Maple syrup is made for pancakes and French toast while honey is great for sweetening tea, oatmeals and more and as they are both categorized as natural sweeteners, maple syrup and honey are now being used by more of us in place of refined sugars.
In this post, I explore if they truly are healthier than refined sugars and just which one of the two is healthier than the other? Although a similar color and often used interchangeably in recipes and as toppings, maple syrup and honey have different flavors, contain different types of sugars and other nutrients.
Table of Contents
- How Is Maple Syrup Obtained?
- Is a Grade A Maple Syrup the Best Quality Syrup?
- Is Maple Syrup Healthier Than Refined Sugar?
- Is Pure Honey Better for Us Than Refined Sugar?
- Maple Syrup vs Honey Nutrition
- What to Consider When Deciding Whether to Use Maple Syrup or Honey
- Maple Syrup vs Honey – In Conclusion
How Is Maple Syrup Obtained?
A treat for most of us, maple syrup is instantly recognizable with its complex caramel, woody and maple flavor, varying color from golden to darker brown. Although some maple syrup is sourced from states such as Vermont, Ohio and New York in the US, around 80% of the global supply of maple syrup comes from the province of Quebec. Maple syrup is made in the sugaring season which runs from around the middle of February to early April, depending of course on the weather.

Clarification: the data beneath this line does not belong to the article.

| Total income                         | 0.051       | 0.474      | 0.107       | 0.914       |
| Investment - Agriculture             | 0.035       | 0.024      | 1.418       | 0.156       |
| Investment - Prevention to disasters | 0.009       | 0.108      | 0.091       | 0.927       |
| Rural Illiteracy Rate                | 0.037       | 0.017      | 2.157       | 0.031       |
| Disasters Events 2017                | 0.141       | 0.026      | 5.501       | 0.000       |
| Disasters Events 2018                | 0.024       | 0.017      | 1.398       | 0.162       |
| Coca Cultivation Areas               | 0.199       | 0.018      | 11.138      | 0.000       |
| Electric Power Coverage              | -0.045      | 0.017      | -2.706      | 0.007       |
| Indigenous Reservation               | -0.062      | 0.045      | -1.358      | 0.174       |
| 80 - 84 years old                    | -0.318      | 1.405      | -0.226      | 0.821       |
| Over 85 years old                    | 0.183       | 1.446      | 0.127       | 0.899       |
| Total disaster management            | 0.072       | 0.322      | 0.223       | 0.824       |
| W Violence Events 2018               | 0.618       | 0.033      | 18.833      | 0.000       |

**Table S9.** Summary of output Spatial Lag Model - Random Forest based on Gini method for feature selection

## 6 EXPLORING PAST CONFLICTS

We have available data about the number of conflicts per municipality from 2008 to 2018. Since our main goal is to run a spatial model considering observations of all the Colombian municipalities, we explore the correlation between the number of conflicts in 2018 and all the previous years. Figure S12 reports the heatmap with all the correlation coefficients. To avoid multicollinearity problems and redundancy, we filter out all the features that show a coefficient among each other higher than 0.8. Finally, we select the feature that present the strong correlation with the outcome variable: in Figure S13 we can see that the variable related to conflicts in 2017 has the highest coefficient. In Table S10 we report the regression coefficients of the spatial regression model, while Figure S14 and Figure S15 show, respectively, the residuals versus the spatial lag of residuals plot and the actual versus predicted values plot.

To produce maple syrup, sap must be obtained from sugar maple trees through the process known as tapping. This involves drilling a small hole at around waist height into the tree and a spout being inserted into the hole. A tree may have one or two tap holes and each tap hole will yield around 10 gallons of sap which makes a quart of maple syrup. As the weather warms up, the sap starts to flow out the spout and into a collection tank.
The sap is then evaporated which allows the liquid to become concentrated. As this liquid reaches its boiling point, it becomes syrup and changes color. After filtration, it is then ready to package as maple syrup.
When tapped properly, there is no damage to healthy maple trees. Once the spout is removed from the tree at the end of the sugaring season, the hole closes itself up as maple trees self-heal.
Is a Grade A Maple Syrup the Best Quality Syrup?
In the US, the USDA categorize maple syrup depending on its color and taste and not as some may think, its quality. The color and taste of pure maple syrup alters depending on what point the syrup is produced during the sugaring season. Early season usually produces light colored and flavored syrup while the darker syrups are produced later in the season.